Photographer Kevin Davies met miliner Philip Treacy almost a quarter of a century ago when both were fresh from college, starting on their respective careers. As Philip's reputation grew so did Kevin's success as a photographer, with prestigious shoots for Vogue, The Face, NME and ID in which he photographed subjects as diverse as Manolo Blahnik, Lucian Freud, Barry White, Martin Sheen, Shane MacGowan, Princess Anne, Stella McCartney, Amy Winehouse and Zaha Hadid. Their friendship remained constant throughout this time with Kevin shooting Treacy in his studio at every stage of his career. Those photos can now be seen, alongside some great stories of the time from Philip and Kevin, in a wonderful new book, Philip Treacy by Kevin Davies. We sat Kevin down and asked him 10 questions about it.
What were the first photos you took as a kid? I think my grandad gave me my first camera. My earliest photographic memories are from when we moved to Cornwall. The school I went to had a brilliant art teacher and art and printmaking departments. Then I went to art school and wanted to paint but I couldn’t do it to save my life. Then I tried print making and sculpture. For my degree show I took photographs of my sculptures. I had fibreglass arms coming out of the walls to hold the frames – not very intellectual! The tutor told me the photos of my sculptures were far superior to my sculptures. I left college, came to London and lived in a squat. I worked in a framing shop and met this guy who had a dark room and he said you can come in and process your pictures there. I went in at weekends and used all his lighting and everything and shot portraits of friends. I took about 15 pictures in a photographic print box to The Face. I didn’t even have a portfolio! And they gave me a job straightaway. I think my first proper editorial commission was Nic Roeg for NME. He was a bit frosty. He had a cast of Theresa Russell’s head on the bookshelf which looked quite odd. After that It didn’t matter what he did, I was only in interested in the cast.
The book tells a funny story about your first meeting with Philip at a Vogue shoot with neither of you really wanting to follow the brief It’s true. I’d been given a brief by American Vogue and Philip said, ‘well what do you think of that?’ I tried to be very careful about it, but he thought the idea wasn’t right. And even though at that point he was only out of college a year, being Philip he said ‘let’s do something else’. And I think that’s what we both saw in each other. That was the important thing - not trying to please somebody else, somebody who isn’t even there. His show in September was a good example of that. (Treacy dressed his models in Michael Jackson’s stage costumes). It was amazing. It was a hell of a gamble, taking the decision to use those clothes, even when you know you’re not going to get the clothes until like three weeks beforehand. To base everything around that and use all black African models, again it’s quite a strident thing to do. He just does his own thing and there aren’t a lot of people doing that.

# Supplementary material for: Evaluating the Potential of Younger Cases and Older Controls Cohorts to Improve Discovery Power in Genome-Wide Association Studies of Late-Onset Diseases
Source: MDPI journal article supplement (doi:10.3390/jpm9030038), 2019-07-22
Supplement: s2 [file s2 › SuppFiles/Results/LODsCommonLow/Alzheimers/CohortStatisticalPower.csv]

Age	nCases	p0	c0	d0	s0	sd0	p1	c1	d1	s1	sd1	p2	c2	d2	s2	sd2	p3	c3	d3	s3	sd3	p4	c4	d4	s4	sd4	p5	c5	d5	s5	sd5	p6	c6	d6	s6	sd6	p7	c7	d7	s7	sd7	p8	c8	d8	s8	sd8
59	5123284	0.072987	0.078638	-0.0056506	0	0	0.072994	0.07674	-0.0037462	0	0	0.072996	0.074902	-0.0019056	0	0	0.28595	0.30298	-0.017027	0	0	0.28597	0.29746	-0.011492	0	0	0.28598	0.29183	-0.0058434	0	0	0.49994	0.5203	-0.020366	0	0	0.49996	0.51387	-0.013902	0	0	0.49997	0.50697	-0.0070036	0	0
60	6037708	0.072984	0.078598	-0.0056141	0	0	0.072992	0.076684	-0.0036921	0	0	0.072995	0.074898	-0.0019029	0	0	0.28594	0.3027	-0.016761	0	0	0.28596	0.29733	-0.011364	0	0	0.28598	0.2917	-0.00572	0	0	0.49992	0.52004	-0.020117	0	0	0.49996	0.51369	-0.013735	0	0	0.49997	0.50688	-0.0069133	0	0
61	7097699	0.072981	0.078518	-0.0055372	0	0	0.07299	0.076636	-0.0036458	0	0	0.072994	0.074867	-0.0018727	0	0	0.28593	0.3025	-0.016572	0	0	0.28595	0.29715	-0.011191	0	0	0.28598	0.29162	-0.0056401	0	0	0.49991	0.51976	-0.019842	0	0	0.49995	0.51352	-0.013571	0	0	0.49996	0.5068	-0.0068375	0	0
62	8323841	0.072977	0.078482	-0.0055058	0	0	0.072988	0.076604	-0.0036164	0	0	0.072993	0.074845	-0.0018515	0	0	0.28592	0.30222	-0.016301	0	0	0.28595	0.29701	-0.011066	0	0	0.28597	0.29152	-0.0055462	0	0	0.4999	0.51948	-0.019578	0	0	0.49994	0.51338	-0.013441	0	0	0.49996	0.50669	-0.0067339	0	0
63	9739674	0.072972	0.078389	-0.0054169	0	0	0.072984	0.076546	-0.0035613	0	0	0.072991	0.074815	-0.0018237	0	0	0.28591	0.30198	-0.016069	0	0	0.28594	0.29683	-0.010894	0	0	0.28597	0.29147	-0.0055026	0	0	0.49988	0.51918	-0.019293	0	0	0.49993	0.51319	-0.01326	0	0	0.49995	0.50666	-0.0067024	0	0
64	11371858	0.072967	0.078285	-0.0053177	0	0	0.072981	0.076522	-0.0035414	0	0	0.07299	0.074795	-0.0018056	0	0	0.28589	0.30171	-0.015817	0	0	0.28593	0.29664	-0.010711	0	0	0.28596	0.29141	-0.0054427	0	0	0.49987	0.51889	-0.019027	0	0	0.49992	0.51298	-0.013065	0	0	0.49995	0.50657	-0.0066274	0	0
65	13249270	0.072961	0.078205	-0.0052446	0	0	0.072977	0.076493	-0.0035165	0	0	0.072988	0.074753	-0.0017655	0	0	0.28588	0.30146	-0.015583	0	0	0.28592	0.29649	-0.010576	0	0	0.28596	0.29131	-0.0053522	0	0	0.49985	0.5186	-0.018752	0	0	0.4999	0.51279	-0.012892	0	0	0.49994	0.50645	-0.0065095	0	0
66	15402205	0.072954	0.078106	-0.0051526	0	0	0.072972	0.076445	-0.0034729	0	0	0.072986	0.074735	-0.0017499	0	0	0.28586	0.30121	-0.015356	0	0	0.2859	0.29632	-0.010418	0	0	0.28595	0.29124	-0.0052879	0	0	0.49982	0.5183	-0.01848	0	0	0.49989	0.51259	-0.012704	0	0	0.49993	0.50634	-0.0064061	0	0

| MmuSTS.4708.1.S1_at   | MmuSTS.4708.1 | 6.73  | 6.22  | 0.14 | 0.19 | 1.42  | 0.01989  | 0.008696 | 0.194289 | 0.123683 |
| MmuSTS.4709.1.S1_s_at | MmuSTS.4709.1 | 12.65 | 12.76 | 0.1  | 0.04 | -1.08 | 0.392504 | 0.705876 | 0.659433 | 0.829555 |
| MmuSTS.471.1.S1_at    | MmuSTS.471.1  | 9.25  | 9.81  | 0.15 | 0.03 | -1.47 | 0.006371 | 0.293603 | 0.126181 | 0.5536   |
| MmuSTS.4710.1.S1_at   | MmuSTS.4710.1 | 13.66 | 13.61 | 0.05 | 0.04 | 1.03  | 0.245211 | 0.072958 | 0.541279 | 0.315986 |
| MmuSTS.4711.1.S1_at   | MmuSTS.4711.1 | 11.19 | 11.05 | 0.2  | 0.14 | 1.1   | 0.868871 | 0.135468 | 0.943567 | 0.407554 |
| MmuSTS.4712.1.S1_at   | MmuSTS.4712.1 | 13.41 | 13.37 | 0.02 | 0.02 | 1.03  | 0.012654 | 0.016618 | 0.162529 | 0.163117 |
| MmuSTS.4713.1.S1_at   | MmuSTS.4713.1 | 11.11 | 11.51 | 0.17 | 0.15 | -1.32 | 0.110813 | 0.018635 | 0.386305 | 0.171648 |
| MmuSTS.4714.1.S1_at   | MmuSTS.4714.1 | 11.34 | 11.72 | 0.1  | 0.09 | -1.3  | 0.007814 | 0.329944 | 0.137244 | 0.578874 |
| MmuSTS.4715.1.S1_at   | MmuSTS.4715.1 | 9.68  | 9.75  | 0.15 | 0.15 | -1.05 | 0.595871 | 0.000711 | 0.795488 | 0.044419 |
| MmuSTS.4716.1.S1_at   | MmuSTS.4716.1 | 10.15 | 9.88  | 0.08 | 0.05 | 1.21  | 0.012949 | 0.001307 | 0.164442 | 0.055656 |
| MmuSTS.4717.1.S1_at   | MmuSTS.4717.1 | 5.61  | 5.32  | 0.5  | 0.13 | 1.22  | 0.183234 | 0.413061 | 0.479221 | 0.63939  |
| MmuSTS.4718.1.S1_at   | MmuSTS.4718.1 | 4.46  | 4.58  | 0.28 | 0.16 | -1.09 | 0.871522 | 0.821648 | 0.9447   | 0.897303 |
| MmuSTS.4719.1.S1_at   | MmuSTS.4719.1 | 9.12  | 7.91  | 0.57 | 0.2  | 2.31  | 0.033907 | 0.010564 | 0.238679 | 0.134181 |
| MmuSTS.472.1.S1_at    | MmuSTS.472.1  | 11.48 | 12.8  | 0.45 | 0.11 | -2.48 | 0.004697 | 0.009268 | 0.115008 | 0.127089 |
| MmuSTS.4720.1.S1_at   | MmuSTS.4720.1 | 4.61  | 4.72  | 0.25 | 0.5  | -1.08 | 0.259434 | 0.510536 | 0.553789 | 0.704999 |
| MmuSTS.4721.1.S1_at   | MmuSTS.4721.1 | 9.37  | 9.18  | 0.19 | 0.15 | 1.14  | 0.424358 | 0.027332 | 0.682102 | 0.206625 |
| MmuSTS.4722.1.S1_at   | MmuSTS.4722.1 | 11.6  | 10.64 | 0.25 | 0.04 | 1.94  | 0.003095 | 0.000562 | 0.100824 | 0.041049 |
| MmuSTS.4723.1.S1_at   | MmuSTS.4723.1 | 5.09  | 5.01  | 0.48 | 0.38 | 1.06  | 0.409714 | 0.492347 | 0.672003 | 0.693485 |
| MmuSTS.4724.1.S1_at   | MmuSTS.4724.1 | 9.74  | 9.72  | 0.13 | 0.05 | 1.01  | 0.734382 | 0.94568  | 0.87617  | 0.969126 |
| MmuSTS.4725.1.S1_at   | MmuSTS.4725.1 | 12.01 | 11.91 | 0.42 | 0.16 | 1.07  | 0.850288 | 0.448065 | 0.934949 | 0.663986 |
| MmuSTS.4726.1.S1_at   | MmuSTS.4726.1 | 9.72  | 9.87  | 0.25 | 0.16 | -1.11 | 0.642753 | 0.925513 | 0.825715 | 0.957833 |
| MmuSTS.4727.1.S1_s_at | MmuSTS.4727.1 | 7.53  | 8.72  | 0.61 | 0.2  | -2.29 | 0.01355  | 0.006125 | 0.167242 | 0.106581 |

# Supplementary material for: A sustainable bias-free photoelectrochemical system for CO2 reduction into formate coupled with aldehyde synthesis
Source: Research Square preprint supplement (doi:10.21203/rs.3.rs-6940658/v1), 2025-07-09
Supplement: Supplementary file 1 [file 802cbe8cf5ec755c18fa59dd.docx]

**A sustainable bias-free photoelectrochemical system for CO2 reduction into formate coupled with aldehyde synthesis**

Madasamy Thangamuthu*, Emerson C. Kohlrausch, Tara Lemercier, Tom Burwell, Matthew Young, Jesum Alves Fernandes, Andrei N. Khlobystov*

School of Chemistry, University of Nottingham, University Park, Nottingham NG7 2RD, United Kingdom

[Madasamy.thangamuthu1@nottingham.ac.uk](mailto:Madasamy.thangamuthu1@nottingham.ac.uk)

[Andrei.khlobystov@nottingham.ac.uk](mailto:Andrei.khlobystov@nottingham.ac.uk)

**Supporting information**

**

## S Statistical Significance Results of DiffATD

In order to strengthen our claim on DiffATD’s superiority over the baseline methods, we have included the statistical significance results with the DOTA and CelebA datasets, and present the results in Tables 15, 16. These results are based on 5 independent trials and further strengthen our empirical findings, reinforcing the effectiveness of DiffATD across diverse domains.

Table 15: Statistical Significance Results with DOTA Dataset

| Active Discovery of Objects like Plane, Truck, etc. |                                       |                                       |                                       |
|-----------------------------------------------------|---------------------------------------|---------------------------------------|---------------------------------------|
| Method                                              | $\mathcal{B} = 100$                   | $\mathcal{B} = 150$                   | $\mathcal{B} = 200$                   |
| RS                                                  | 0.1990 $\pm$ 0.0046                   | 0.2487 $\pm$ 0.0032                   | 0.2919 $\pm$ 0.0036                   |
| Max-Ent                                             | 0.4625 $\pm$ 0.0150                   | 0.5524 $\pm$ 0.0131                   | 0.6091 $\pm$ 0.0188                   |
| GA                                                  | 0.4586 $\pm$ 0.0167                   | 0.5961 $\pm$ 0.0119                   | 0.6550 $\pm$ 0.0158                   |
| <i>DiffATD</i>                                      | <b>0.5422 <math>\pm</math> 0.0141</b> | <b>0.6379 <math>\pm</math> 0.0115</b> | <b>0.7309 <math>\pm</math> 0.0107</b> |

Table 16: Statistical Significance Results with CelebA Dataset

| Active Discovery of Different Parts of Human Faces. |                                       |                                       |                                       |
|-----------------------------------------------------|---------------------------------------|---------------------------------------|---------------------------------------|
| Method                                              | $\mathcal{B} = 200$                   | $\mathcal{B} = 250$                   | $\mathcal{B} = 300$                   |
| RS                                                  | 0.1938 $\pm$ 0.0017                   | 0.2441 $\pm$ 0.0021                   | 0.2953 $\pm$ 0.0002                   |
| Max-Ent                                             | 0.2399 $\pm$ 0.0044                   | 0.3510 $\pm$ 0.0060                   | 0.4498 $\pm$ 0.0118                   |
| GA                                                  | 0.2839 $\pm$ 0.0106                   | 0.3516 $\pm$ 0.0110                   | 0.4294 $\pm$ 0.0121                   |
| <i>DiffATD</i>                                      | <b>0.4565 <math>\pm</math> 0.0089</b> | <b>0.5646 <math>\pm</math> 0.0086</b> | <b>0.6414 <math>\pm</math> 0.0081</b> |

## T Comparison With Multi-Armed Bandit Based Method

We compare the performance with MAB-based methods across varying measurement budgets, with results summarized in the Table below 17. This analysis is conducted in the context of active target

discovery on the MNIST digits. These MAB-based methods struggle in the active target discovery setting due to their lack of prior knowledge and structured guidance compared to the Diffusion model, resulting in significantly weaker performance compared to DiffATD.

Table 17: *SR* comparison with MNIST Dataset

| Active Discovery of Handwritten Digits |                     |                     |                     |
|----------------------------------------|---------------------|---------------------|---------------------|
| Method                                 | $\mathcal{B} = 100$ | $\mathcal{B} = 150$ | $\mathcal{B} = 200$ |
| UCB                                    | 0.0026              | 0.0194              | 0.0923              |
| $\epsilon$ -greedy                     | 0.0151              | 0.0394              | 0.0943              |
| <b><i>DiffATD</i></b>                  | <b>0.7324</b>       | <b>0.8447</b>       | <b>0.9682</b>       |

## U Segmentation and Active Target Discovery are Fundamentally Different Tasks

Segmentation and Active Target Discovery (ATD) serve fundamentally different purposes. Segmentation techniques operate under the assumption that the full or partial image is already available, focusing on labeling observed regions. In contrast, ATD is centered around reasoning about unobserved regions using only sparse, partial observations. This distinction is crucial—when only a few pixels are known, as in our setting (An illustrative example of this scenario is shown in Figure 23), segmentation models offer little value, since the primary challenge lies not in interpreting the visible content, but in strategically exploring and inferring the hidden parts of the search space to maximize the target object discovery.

You photographed him over a period of 20 years, how did the process work? I’d generally go in to his studio after lunch or mid-afternoon and stay late. When people left at midnight or 1am he’d stay on ‘til 3 or 4am. If there was a show he’d stay up all night to get things done. If he was there on his own, I’d stay on a bit longer and it was just us and his dog, Mr Pig. I suppose once you’ve done that a few times you do become part of the furniture. I think he just felt, ‘oh here’s Kevin again’. I didn’t get in his face - not keeping a distance, but I wanted the whole picture anyway. I’d make him a cup of tea and he’d ask what I’d been up to and we’d just laugh about things. The only time he deliberately did something (pulled a pose) was when Princess Anne made a Royal visit. He asked to measure her head because she doesn’t wear hats. And she agreed. He kind of went to move a foot or so right or left so that I could get a good picture. I was very surprised, but he obviously thought ‘wow, this is a moment’.
And how does Philip tend to work? "They’d often turn up at a show two or three days before a show and they still hadn’t finished or they’d suddenly come up with an idea and just make it on the spot. Incredibly exciting. They’d have all these boxes of stuff they bring with them. I think that comes from when he first went to someone like Valentino and was shown into a room and a model would come in and Valentino would go, ‘what do you think?’ and Philip would have to get some fabric and just do it. I think that first time it was probably a bit ‘Help!’ after that he probably realised OK that’s that way you work, I can do that."
How many photos did you have on the initial edit? I had about 10,000 – not a lot actually. If that were 20 years of digital it would be 10 times that. I have the habit of being quite economical. When it came to making the book, I’d go over to Philip’s and show him a selection of pictures. I wanted him to be involved in it and I could see him looking at them and going back in time. That was definitely the case with that Grace Jones picture (page 50). He always liked that picture from the very beginning. I don’t know exactly why. And I also love his face in the picture with Grace, (page 10) – you can tell he’s like, “I’m working with Grace Jones!” because he’d only just met her. And I love that picture, even though it’s out of focus, it gets that wonderment of, I’m here doing this! This is where I want to be. That’s changed in 20 years. I wouldn’t have seen that picture in the same way 20 years ago.